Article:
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A Curious Madness: An American Combat Psychiatrist, a Japanese War Crimes Suspect, and an Unsolved Mystery From World War II

by Eric Jaffe. New York, Scribner, 2014, 320 pp., $30.00.

Reviewed by Sheila Hafter Gray, M.D.
Am J Psychiatry 2014;171:471-472. doi:10.1176/appi.ajp.2013.13101364
View Author and Article Information

The author reports no financial relationships with commercial interests.

Dr. Hafter Gray is a teaching analyst at the Baltimore-Washington Institute for Psychoanalysis, Laurel, Md.

Accepted October , 2013.

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This book attempts to bring a psycho-biographical perspective to the interaction of two individuals, Daniel Jaffe, an American neuropsychiatrist who served in the United States Army during World War II, and Okawa Shumei, a Japanese intellectual who had developed a popular philosophical basis for his country’s energetically waging that war in Asia. They interacted briefly at the time of the war crimes trials in Japan. Okawa had exhibited bizarre, disruptive behavior early in that group trial in which he was a defendant, and the psychiatrist, at the request of the chief judge, did a neuropsychiatric assessment on the basis of which he concluded that Okawa suffered from neurosyphilis and required treatment to stem the progress of the disease. The defendant was removed from the trial and spent some time in mental hospitals, eventually recovering sufficiently to return to the community and continue his intellectual pursuits and his occasional odd behavior.

In the course of his research, the author found some individuals who believe that Okawa deliberately comported himself as he did at the trial to call attention to the basic unfairness of the proceedings. They suggested that he was excluded from the trial because his testimony would have undermined the prosecution. There is some evidence to support the latter notion. The author’s emotional ties to the psychiatrist, his own grandfather, led him to wonder whether Jaffe’s relationship with a relative who suffered from a severe and persistent mental disorder, coupled with his self-diagnosed depersonalization during wartime service, may have contributed to his recommending treatment over continued prosecution. Do the facts he presents support either hypothesis? It seems not. Neurosyphilis was well understood at the time, and the description of Okawa’s presentation and the course of the illness conform to what we know about this disorder. The issue of an insanity defense did not arise at the time or ever. Jaffe did not communicate a judgment as to the legal issues or disposition. He made a diagnosis, and he called attention to available treatment that might in due course optimize Okawa’s capacity to participate intelligently in a trial. The judge used this information, independently corroborated by another psychiatrist, to order treatment, but he continued the legal case. Only later were the charges dismissed on overarching political grounds.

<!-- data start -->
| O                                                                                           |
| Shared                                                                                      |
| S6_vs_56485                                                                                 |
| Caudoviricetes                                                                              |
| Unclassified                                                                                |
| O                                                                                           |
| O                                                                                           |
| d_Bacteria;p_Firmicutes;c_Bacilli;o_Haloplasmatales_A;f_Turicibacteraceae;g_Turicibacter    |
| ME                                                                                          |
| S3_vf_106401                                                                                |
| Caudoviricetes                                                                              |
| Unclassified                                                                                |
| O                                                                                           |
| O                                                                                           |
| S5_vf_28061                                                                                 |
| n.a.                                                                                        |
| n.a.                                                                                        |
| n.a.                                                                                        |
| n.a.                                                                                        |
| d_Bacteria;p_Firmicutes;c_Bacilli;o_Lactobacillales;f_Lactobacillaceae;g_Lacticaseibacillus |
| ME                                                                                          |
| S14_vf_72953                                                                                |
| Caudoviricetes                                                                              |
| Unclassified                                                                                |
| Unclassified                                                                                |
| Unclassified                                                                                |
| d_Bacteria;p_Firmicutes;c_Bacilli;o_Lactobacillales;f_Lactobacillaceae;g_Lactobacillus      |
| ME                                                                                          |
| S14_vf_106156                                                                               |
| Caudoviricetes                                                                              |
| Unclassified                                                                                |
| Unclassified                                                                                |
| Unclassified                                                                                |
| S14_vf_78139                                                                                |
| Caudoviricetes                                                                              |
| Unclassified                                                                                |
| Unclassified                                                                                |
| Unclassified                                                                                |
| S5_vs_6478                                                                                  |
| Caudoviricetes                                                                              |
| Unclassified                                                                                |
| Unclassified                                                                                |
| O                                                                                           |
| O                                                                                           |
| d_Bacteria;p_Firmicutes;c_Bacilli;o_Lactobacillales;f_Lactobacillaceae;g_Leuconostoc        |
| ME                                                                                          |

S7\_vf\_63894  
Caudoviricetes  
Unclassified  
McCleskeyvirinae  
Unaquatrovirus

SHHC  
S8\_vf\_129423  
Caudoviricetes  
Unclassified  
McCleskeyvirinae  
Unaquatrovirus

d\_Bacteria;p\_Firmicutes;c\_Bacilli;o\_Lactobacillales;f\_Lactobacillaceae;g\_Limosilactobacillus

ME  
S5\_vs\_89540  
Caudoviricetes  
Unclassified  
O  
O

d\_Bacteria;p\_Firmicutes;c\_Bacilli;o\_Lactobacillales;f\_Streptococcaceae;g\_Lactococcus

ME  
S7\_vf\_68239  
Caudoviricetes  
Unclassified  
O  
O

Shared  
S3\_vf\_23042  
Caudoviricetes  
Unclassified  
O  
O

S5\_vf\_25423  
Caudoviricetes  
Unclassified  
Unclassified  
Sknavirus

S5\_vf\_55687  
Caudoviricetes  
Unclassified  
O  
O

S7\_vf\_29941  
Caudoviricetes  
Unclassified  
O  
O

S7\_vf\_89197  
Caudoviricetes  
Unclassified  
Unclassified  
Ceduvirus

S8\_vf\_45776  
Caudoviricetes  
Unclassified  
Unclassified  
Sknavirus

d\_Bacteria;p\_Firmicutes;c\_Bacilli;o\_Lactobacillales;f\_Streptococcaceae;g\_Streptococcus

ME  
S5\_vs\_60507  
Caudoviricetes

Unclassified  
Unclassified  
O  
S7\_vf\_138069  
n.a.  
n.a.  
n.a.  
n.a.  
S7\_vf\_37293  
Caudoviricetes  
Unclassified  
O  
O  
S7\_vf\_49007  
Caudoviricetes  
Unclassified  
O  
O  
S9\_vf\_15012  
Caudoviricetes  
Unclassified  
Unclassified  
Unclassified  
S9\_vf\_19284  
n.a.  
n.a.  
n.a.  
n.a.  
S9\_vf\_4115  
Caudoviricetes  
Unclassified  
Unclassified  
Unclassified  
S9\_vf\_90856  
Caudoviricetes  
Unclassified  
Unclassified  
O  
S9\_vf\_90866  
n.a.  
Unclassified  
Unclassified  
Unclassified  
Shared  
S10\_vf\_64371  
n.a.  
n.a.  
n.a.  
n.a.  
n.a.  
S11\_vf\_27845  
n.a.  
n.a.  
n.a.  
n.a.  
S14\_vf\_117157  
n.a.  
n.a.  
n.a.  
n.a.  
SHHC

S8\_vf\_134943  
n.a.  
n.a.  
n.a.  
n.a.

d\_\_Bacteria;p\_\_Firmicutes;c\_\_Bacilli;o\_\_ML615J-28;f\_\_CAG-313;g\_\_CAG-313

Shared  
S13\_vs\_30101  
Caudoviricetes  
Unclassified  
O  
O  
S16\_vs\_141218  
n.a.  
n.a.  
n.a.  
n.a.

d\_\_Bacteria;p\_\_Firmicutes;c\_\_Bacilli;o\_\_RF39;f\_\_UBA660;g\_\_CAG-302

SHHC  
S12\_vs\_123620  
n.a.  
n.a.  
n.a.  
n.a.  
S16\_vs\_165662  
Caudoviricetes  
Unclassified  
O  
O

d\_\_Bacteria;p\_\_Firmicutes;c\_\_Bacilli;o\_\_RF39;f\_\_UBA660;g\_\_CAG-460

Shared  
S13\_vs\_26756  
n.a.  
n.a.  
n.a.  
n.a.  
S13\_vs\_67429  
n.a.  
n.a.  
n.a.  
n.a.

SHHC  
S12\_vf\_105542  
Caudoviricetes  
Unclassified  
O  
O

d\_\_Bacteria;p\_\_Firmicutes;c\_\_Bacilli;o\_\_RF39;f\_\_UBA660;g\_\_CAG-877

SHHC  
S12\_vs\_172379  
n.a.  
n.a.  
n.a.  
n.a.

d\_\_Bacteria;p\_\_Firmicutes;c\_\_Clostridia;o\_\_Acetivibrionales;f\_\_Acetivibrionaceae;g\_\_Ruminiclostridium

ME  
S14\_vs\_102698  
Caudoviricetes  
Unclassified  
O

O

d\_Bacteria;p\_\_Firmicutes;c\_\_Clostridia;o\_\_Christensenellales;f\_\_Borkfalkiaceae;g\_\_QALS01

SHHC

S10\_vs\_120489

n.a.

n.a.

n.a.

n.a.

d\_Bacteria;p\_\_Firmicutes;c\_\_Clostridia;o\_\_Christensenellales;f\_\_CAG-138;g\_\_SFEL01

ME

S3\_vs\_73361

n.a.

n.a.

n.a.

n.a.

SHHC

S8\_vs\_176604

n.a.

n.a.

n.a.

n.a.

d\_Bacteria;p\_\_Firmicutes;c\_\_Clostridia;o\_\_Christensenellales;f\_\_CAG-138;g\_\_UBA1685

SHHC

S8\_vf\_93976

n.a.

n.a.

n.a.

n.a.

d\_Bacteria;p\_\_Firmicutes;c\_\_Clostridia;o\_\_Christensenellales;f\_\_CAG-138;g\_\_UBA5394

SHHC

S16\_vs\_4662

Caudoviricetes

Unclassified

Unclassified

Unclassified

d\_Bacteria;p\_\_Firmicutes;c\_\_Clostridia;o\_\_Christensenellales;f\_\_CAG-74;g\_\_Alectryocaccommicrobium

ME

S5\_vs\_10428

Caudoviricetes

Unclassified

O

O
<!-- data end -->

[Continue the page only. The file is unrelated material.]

Why should a psychiatrist read this book? Young colleagues will learn about the constructive work psychiatrists did before the first DSM or the introduction of chlorpromazine, both in 1952. Military psychiatrists will see how an earlier generation solved the perennial problems of long deployments and of dual agency. Many more colleagues will find the narratives of the two seemingly different protagonists illuminating. That experience may be enhanced by reading first about Okawa and then about Jaffe, or vice versa, rather than alternating between the two lives, as the author does in an unnecessary effort to keep the chronologies parallel. Those who knew Jaffe late in his career as a dour and contentious participant in psychoanalytic politics may comprehend the inner forces that drove his actions. Okawa’s story is a striking reminder that a patient is far more than a container of a biomedical process, though that process may be the primary focus of our attention. His personality and actions are best appreciated in the context of his life history and culture. Saint Elizabeth’s Hospital, where Jaffe trained, was the locus not only of Walter Freeman and lobotomy but also of William Alanson White’s effective psychotherapy of neurosyphilis patients. One wonders what Okawa and Jaffe might have done together had their contact been longer and unconstrained by the context of their encounter.

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